Also shown in FIG. 9 is a pin 20 that can be placed into the pin holes 21 The pin 20 can be placed in the upper pin holes 21 or the lower pin holes 21. The pin 20 is a means of changing the depth of the tube 16 if for example a short handled fishing rod is inserted into the tube 16. The pin 20 can also be inserted through the device to be held in the tube 16 and the tube 16 itself thus locking the device to be held to the tube 16.

Referring to FIG. 10, there is shown a section plan view of the tube 16 as taken through FIG. 8.

The tube 16 is shown with plug turning bar 8 fixed to the threaded plug 7. The antirotation bar 9 is also shown next to the plug turning bar 8.

Referring to FIG. 11, there is shown the sun deck and pier rod and tool holding device 1 being used as a boat cleat 23 to tie a boat 24 to.

Referring to FIG. 12, there is shown the device 1 being used to support an umbrella 25.

Referring to FIG. 13, there is shown the device 1 being used to support a barbecue grill 26.

Referring to FIG. 14, there is shown the device 1 being used to support a lamp 27.

Referring to FIG. 15, there is shown the device 1 being used to support a plant stand 28.

Although the system described in detail supra has been found to be most satisfactory and preferred many variations are possible. For example, the sun deck device may be used in pairs on a larger unit. It could be used to suspend a tray over a swimming pool or four devices could be used to support a table or chairs.

Although the invention has been described with reference to the preferred embodiment, it will be understood by those skilled in the art, that additions, modifications, substitutions, deletions, and other changes not specifically described, may be made in the embodiments herein, it should be understood that the details herein are to be interpreted as illustrative and are not in a limiting sense.

Patent Citations
Cited PatentFiling datePublication dateApplicantTitle
US988743 *Dec 24, 1910Apr 4, 1911John H StillwaggonFastener.
US2859710 *Jul 12, 1956Nov 11, 1958Aeroquip CorpRail-connected fitting
US2940558 *Mar 2, 1956Jun 14, 1960Ernest SchlueterAngular hole fastening device
US2954909 *Oct 29, 1957Oct 4, 1960Colorado Fishing Rod Holder CoFishing rod holder
US3313509 *Dec 7, 1965Apr 11, 1967Lockert John JFixture for attachment ot a vertically grooved wooden wall
US3902269 *Mar 6, 1974Sep 2, 1975Dunlap Melvin ElmerFishing rod holder
US4410157 *Feb 28, 1980Oct 18, 1983Monti Carmel SPhotography stand system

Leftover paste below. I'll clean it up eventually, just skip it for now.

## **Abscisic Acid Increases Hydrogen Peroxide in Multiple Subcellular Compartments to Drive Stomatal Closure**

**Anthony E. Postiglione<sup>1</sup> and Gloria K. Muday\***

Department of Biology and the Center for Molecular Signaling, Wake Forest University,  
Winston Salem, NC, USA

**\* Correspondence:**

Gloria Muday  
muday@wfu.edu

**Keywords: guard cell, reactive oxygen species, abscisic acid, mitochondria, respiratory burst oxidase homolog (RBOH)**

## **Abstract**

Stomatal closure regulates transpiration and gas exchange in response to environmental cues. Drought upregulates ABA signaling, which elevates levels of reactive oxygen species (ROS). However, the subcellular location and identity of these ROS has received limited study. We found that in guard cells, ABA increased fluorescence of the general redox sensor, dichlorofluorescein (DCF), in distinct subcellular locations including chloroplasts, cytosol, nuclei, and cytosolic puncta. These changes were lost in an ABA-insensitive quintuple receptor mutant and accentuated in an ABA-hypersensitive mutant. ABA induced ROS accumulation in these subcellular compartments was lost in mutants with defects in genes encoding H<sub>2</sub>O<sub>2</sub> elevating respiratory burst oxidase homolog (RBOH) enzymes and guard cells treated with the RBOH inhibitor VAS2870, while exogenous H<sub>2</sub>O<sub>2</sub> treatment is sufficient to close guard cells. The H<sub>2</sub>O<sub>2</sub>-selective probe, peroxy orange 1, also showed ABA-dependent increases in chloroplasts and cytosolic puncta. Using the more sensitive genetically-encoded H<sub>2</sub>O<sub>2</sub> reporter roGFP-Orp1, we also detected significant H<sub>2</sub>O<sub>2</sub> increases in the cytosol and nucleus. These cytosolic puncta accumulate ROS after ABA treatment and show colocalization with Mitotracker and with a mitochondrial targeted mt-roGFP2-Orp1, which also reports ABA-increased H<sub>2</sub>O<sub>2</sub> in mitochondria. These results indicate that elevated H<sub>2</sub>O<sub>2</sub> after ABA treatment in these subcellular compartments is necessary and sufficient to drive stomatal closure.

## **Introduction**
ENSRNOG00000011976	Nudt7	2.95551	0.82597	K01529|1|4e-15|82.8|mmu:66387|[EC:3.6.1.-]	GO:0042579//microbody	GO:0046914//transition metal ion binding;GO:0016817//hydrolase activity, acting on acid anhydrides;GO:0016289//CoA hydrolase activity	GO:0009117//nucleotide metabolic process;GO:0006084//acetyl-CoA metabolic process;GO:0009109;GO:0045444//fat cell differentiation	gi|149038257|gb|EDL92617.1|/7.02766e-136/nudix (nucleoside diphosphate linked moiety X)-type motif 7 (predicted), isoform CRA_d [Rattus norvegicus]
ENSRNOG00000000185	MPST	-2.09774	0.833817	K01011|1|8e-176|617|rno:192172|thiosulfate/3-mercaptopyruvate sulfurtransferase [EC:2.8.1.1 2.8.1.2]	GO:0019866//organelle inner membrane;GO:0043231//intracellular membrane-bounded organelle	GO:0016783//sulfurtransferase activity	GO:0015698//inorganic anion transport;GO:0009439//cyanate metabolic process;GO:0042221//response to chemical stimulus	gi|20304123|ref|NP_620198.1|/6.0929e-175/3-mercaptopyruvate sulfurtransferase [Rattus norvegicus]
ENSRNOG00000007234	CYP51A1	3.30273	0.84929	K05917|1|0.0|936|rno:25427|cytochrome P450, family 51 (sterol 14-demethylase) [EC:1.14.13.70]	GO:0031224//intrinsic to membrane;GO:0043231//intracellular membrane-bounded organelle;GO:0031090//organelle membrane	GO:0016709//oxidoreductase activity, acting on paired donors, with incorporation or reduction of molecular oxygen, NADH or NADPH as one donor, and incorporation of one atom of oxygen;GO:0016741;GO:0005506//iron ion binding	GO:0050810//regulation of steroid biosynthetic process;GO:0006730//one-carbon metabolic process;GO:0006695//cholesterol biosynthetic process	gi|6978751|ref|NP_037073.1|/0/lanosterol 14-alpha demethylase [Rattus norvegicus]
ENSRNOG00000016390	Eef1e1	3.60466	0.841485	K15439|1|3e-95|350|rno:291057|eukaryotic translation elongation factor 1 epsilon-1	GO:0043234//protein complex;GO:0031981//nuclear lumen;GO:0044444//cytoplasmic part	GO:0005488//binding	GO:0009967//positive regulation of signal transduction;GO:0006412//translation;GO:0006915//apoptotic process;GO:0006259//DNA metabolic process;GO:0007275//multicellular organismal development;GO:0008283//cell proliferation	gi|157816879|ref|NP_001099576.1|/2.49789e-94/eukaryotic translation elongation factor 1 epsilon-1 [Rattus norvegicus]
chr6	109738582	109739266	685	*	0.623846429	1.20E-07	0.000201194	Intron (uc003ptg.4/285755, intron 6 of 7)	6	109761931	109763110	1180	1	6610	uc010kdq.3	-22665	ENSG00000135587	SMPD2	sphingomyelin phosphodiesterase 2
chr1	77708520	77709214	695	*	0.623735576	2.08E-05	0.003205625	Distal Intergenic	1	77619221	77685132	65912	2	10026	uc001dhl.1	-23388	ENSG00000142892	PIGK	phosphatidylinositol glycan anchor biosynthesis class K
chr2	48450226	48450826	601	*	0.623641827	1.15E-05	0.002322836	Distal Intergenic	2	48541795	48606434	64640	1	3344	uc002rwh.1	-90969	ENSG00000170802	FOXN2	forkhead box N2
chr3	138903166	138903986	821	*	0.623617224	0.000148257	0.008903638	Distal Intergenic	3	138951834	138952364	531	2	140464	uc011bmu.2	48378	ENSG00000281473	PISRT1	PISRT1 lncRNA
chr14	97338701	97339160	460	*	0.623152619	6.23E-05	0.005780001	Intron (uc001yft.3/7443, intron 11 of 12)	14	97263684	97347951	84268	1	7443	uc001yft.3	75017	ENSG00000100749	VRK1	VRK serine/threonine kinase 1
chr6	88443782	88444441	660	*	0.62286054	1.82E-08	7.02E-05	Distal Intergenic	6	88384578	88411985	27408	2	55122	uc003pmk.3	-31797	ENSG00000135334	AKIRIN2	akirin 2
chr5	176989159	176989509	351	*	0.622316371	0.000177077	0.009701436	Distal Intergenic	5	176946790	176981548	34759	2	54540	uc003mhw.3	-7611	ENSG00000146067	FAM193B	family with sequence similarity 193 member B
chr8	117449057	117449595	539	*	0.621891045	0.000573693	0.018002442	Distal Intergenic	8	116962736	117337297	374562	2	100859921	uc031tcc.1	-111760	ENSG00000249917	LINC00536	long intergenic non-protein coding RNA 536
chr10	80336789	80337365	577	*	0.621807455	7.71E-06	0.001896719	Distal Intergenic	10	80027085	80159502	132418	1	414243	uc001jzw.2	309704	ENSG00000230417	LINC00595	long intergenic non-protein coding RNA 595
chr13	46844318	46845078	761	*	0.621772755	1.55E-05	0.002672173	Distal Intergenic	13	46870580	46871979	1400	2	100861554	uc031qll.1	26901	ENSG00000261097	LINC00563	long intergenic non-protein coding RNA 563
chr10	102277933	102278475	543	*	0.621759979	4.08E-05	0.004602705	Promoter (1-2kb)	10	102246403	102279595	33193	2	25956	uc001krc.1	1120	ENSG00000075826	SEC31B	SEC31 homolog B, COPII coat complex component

US4527349 *Feb 9, 1983Jul 9, 1985Big Jon, Inc.Trolling bar assembly
US4582287 *Feb 3, 1984Apr 15, 1986Deleary Robert HStand, particularly for an umbrella table
US4637156 *Jun 19, 1986Jan 20, 1987Nancy B. CrewsRod holder
US4830203 *Oct 15, 1987May 16, 1989Ennco Optical, Inc.Support for display items or the like
Referenced by
Citing PatentFiling datePublication dateApplicantTitle
US5411011 *Feb 22, 1994May 2, 1995Teta; Jeffrey M.Outdoor cooking device
US5479843 *Jul 19, 1994Jan 2, 1996Pearl Musical Instrument Co.Spin-lock musical instrument stand
US5551183 *Jun 19, 1995Sep 3, 1996Solem; Donald G.Hands-free fishing system
US5575234 *Nov 13, 1995Nov 19, 1996Dysarz; Edward D.Boat and dock standoff
US5685517 *Dec 21, 1995Nov 11, 1997Salibra; JosephStand for removably mounting pole supproted furniture to a deck
US5813163 *Jun 23, 1997Sep 29, 1998Dysarz; Edward D.Mutlidirectional rod, umbrella and tool holding device
US5895017 *Sep 11, 1997Apr 20, 1999Mcmillan, Jr.; Keith S.Portable furniture base
US5941191 *Dec 31, 1997Aug 24, 1999Dysarz; Edward D.Multidirectional boat and dock cleat
US5961091 *Sep 24, 1997Oct 5, 1999Petryna; Thomas MichaelPole support for use on decked surfaces
US5967075 *May 28, 1998Oct 19, 1999Johansen; Roy D.Spring loaded mooring device
US6375146Mar 23, 2000Apr 23, 2002Maurice PainchaudHolding device for rods and the like
US6497067 *Aug 16, 2001Dec 24, 2002Rickey M. KingPier reel holder
US6808231 *Feb 10, 2003Oct 26, 2004Marvin L. HillSeat assembly
US6898893 *Sep 9, 2004May 31, 2005Lisa MukdaprakornPortable fishing pole holder
US6955330May 14, 2004Oct 18, 2005Exhart Environmental Systems, Inc.Deck securing system
US7575215 *Jan 11, 2005Aug 18, 2009Dean ClarkSupport base for use on decked surfaces
US7992342 *Feb 23, 2005Aug 9, 2011Ziober James RBalanced fishing rod support and leverage device
US8327575 *Oct 28, 2010Dec 11, 2012Tadeusz ZalewskiFishing rod holder attachable to a dock
US8800196 *Apr 8, 2011Aug 12, 2014Jacob B. BaumannMulti-application, portable fishing rod holder
US20120144724 *Apr 8, 2011Jun 14, 2012Baumann Jacob BMulti-Application, Portable Fishing Rod Holder
Classifications
U.S. Classification248/539, 43/21.2, 248/222.13
International ClassificationA01K97/10
Cooperative ClassificationA01K97/10
European ClassificationA01K97/10
Legal Events
DateCodeEventDescription
Jan 29, 2004SULPSurcharge for late payment
Year of fee payment: 11
Jan 29, 2004FPAYFee payment
Year of fee payment: 12
Dec 24, 2003REMIMaintenance fee reminder mailed
Dec 26, 2000PRDPPatent reinstated due to the acceptance of a late maintenance fee
Effective date: 20001110
Oct 11, 2000FPAYFee payment
Year of fee payment: 8
Oct 11, 2000SULPSurcharge for late payment
Sep 11, 2000SULPSurcharge for late payment
Aug 15, 2000FPExpired due to failure to pay maintenance fee
Effective date: 20000609
Jan 4, 2000REMIMaintenance fee reminder mailed
May 8, 1996FPAYFee payment
Year of fee payment: 4
May 8, 1996SULPSurcharge for late payment
Jan 16, 1996REMIMaintenance fee reminder mailed